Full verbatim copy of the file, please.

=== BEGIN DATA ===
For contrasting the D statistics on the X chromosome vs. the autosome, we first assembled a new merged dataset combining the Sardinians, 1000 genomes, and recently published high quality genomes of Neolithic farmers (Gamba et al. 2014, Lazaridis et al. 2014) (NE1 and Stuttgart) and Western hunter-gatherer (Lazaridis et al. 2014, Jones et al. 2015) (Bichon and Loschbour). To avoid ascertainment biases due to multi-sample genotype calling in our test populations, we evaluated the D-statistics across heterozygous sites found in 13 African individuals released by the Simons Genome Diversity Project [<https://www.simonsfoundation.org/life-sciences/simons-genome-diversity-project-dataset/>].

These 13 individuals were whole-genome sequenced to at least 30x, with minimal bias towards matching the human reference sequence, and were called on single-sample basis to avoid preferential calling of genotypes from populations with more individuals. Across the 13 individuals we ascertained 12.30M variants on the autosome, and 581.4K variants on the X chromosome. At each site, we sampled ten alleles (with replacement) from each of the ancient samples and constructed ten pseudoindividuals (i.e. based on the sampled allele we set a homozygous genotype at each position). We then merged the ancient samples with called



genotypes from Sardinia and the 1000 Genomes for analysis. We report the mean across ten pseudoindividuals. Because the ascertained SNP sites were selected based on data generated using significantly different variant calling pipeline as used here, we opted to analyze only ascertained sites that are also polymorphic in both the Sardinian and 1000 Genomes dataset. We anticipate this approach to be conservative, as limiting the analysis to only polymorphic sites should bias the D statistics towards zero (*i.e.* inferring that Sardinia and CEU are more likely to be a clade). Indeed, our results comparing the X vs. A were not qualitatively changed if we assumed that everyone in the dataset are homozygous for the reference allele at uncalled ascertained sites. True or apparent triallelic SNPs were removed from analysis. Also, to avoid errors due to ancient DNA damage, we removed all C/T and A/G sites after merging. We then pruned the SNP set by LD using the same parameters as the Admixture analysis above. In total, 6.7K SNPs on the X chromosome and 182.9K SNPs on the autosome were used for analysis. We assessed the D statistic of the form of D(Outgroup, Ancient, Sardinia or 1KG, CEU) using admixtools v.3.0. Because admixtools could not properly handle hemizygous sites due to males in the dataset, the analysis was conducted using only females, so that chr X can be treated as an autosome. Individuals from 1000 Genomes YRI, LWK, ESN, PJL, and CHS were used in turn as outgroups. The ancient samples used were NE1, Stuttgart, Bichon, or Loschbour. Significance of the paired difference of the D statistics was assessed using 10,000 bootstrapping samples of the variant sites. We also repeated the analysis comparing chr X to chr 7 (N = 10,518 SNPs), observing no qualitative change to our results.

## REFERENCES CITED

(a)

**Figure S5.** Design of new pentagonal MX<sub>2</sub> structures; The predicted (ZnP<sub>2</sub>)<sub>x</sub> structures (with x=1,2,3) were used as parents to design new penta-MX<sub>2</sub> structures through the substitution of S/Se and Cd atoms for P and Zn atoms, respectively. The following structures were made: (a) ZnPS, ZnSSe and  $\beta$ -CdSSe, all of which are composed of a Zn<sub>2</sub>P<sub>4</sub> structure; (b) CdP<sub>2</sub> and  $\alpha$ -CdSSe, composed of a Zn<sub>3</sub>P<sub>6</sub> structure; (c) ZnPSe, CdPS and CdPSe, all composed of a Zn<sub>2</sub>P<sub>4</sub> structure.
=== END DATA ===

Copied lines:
For contrasting the D statistics on the X chromosome vs. the autosome, we first assembled a new merged dataset combining the Sardinians, 1000 genomes, and recently published high quality genomes of Neolithic farmers (Gamba et al. 2014, Lazaridis et al. 2014) (NE1 and Stuttgart) and Western hunter-gatherer (Lazaridis et al. 2014, Jones et al. 2015) (Bichon and Loschbour). To avoid ascertainment biases due to multi-sample genotype calling in our test populations, we evaluated the D-statistics across heterozygous sites found in 13 African individuals released by the Simons Genome Diversity Project [<https://www.simonsfoundation.org/life-sciences/simons-genome-diversity-project-dataset/>].

These 13 individuals were whole-genome sequenced to at least 30x, with minimal bias towards matching the human reference sequence, and were called on single-sample basis to avoid preferential calling of genotypes from populations with more individuals. Across the 13 individuals we ascertained 12.30M variants on the autosome, and 581.4K variants on the X chromosome. At each site, we sampled ten alleles (with replacement) from each of the ancient samples and constructed ten pseudoindividuals (i.e. based on the sampled allele we set a homozygous genotype at each position). We then merged the ancient samples with called



genotypes from Sardinia and the 1000 Genomes for analysis. We report the mean across ten pseudoindividuals. Because the ascertained SNP sites were selected based on data generated using significantly different variant calling pipeline as used here, we opted to analyze only ascertained sites that are also polymorphic in both the Sardinian and 1000 Genomes dataset. We anticipate this approach to be conservative, as limiting the analysis to only polymorphic sites should bias the D statistics towards zero (*i.e.* inferring that Sardinia and CEU are more likely to be a clade). Indeed, our results comparing the X vs. A were not qualitatively changed if we assumed that everyone in the dataset are homozygous for the reference allele at uncalled ascertained sites. True or apparent triallelic SNPs were removed from analysis. Also, to avoid errors due to ancient DNA damage, we removed all C/T and A/G sites after merging. We then pruned the SNP set by LD using the same parameters as the Admixture analysis above. In total, 6.7K SNPs on the X chromosome and 182.9K SNPs on the autosome were used for analysis. We assessed the D statistic of the form of D(Outgroup, Ancient, Sardinia or 1KG, CEU) using admixtools v.3.0. Because admixtools could not properly handle hemizygous sites due to males in the dataset, the analysis was conducted using only females, so that chr X can be treated as an autosome. Individuals from 1000 Genomes YRI, LWK, ESN, PJL, and CHS were used in turn as outgroups. The ancient samples used were NE1, Stuttgart, Bichon, or Loschbour. Significance of the paired difference of the D statistics was assessed using 10,000 bootstrapping samples of the variant sites. We also repeated the analysis comparing chr X to chr 7 (N = 10,518 SNPs), observing no qualitative change to our results.

## REFERENCES CITED

(a)

**Figure S5.** Design of new pentagonal MX<sub>2</sub> structures; The predicted (ZnP<sub>2</sub>)<sub>x</sub> structures (with x=1,2,3) were used as parents to design new penta-MX<sub>2</sub> structures through the substitution of S/Se and Cd atoms for P and Zn atoms, respectively. The following structures were made: (a) ZnPS, ZnSSe and  $\beta$ -CdSSe, all of which are composed of a Zn<sub>2</sub>P<sub>4</sub> structure; (b) CdP<sub>2</sub> and  $\alpha$ -CdSSe, composed of a Zn<sub>3</sub>P<sub>6</sub> structure; (c) ZnPSe, CdPS and CdPSe, all composed of a Zn<sub>2</sub>P<sub>4</sub> structure.